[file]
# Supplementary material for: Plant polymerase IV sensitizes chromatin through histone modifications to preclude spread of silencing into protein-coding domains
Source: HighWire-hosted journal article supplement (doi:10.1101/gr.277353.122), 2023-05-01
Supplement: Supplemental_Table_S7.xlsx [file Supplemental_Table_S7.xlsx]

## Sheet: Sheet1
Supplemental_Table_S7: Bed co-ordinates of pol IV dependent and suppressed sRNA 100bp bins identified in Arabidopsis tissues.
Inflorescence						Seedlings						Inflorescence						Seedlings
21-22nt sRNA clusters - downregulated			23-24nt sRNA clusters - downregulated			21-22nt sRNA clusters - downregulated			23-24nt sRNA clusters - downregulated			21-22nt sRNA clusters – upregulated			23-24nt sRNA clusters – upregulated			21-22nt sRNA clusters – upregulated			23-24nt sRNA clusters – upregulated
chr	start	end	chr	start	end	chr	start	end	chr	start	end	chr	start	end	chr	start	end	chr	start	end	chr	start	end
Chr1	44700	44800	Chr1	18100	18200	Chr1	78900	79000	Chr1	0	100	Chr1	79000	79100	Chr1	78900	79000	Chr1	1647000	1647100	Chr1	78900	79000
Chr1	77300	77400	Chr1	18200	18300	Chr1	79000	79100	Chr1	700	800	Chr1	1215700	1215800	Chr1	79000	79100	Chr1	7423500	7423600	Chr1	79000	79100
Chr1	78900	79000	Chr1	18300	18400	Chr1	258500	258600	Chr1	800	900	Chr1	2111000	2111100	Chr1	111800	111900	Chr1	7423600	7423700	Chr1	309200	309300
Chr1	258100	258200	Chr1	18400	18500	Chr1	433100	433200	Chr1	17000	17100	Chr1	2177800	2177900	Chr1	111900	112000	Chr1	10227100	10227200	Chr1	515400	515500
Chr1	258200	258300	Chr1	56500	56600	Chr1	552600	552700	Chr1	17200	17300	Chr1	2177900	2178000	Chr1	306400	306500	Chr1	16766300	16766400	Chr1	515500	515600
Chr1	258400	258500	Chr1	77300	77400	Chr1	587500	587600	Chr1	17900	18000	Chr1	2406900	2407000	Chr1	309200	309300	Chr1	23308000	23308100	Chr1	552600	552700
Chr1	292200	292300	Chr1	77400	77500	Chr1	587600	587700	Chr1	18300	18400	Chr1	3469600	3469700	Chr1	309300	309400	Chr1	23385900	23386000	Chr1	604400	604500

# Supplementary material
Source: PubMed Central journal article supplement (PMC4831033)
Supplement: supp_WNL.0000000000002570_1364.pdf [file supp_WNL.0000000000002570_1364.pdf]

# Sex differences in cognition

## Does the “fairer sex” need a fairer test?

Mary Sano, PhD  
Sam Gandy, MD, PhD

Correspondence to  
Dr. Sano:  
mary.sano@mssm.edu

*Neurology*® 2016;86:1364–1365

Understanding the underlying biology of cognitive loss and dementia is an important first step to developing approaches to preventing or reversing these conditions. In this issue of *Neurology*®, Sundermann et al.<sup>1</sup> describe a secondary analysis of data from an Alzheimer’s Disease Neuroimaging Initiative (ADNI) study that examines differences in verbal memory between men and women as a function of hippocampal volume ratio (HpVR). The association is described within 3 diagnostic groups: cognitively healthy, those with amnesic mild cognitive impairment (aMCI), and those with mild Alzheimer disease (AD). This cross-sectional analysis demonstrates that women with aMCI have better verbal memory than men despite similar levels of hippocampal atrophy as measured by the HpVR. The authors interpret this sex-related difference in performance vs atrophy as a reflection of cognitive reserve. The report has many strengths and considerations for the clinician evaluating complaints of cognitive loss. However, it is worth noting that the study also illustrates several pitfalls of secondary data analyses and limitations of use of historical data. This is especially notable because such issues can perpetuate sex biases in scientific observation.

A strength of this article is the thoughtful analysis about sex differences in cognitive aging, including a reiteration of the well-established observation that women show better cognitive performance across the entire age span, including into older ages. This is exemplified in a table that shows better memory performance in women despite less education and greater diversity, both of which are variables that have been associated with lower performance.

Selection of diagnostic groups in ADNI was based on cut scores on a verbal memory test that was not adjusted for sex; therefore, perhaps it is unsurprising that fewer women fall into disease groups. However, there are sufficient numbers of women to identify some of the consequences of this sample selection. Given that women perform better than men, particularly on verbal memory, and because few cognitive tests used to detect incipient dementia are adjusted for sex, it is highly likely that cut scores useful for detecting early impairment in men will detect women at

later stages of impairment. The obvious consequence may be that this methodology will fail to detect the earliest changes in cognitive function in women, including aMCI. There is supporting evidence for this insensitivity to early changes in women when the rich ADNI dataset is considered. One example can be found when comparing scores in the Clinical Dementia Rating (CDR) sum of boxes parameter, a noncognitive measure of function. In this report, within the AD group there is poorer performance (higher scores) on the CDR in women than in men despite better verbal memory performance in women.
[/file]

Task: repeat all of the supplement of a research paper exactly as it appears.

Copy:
# Supplementary material for: Plant polymerase IV sensitizes chromatin through histone modifications to preclude spread of silencing into protein-coding domains
Source: HighWire-hosted journal article supplement (doi:10.1101/gr.277353.122), 2023-05-01
Supplement: Supplemental_Table_S7.xlsx [file Supplemental_Table_S7.xlsx]

## Sheet: Sheet1
Supplemental_Table_S7: Bed co-ordinates of pol IV dependent and suppressed sRNA 100bp bins identified in Arabidopsis tissues.
Inflorescence						Seedlings						Inflorescence						Seedlings
21-22nt sRNA clusters - downregulated			23-24nt sRNA clusters - downregulated			21-22nt sRNA clusters - downregulated			23-24nt sRNA clusters - downregulated			21-22nt sRNA clusters – upregulated			23-24nt sRNA clusters – upregulated			21-22nt sRNA clusters – upregulated			23-24nt sRNA clusters – upregulated
chr	start	end	chr	start	end	chr	start	end	chr	start	end	chr	start	end	chr	start	end	chr	start	end	chr	start	end
Chr1	44700	44800	Chr1	18100	18200	Chr1	78900	79000	Chr1	0	100	Chr1	79000	79100	Chr1	78900	79000	Chr1	1647000	1647100	Chr1	78900	79000
Chr1	77300	77400	Chr1	18200	18300	Chr1	79000	79100	Chr1	700	800	Chr1	1215700	1215800	Chr1	79000	79100	Chr1	7423500	7423600	Chr1	79000	79100
Chr1	78900	79000	Chr1	18300	18400	Chr1	258500	258600	Chr1	800	900	Chr1	2111000	2111100	Chr1	111800	111900	Chr1	7423600	7423700	Chr1	309200	309300
Chr1	258100	258200	Chr1	18400	18500	Chr1	433100	433200	Chr1	17000	17100	Chr1	2177800	2177900	Chr1	111900	112000	Chr1	10227100	10227200	Chr1	515400	515500
Chr1	258200	258300	Chr1	56500	56600	Chr1	552600	552700	Chr1	17200	17300	Chr1	2177900	2178000	Chr1	306400	306500	Chr1	16766300	16766400	Chr1	515500	515600
Chr1	258400	258500	Chr1	77300	77400	Chr1	587500	587600	Chr1	17900	18000	Chr1	2406900	2407000	Chr1	309200	309300	Chr1	23308000	23308100	Chr1	552600	552700
Chr1	292200	292300	Chr1	77400	77500	Chr1	587600	587700	Chr1	18300	18400	Chr1	3469600	3469700	Chr1	309300	309400	Chr1	23385900	23386000	Chr1	604400	604500

# Supplementary material
Source: PubMed Central journal article supplement (PMC4831033)
Supplement: supp_WNL.0000000000002570_1364.pdf [file supp_WNL.0000000000002570_1364.pdf]

# Sex differences in cognition

## Does the “fairer sex” need a fairer test?

Mary Sano, PhD  
Sam Gandy, MD, PhD

Correspondence to  
Dr. Sano:  
mary.sano@mssm.edu

*Neurology*® 2016;86:1364–1365

Understanding the underlying biology of cognitive loss and dementia is an important first step to developing approaches to preventing or reversing these conditions. In this issue of *Neurology*®, Sundermann et al.<sup>1</sup> describe a secondary analysis of data from an Alzheimer’s Disease Neuroimaging Initiative (ADNI) study that examines differences in verbal memory between men and women as a function of hippocampal volume ratio (HpVR). The association is described within 3 diagnostic groups: cognitively healthy, those with amnesic mild cognitive impairment (aMCI), and those with mild Alzheimer disease (AD). This cross-sectional analysis demonstrates that women with aMCI have better verbal memory than men despite similar levels of hippocampal atrophy as measured by the HpVR. The authors interpret this sex-related difference in performance vs atrophy as a reflection of cognitive reserve. The report has many strengths and considerations for the clinician evaluating complaints of cognitive loss. However, it is worth noting that the study also illustrates several pitfalls of secondary data analyses and limitations of use of historical data. This is especially notable because such issues can perpetuate sex biases in scientific observation.

A strength of this article is the thoughtful analysis about sex differences in cognitive aging, including a reiteration of the well-established observation that women show better cognitive performance across the entire age span, including into older ages. This is exemplified in a table that shows better memory performance in women despite less education and greater diversity, both of which are variables that have been associated with lower performance.

Selection of diagnostic groups in ADNI was based on cut scores on a verbal memory test that was not adjusted for sex; therefore, perhaps it is unsurprising that fewer women fall into disease groups. However, there are sufficient numbers of women to identify some of the consequences of this sample selection. Given that women perform better than men, particularly on verbal memory, and because few cognitive tests used to detect incipient dementia are adjusted for sex, it is highly likely that cut scores useful for detecting early impairment in men will detect women at

later stages of impairment. The obvious consequence may be that this methodology will fail to detect the earliest changes in cognitive function in women, including aMCI. There is supporting evidence for this insensitivity to early changes in women when the rich ADNI dataset is considered. One example can be found when comparing scores in the Clinical Dementia Rating (CDR) sum of boxes parameter, a noncognitive measure of function. In this report, within the AD group there is poorer performance (higher scores) on the CDR in women than in men despite better verbal memory performance in women.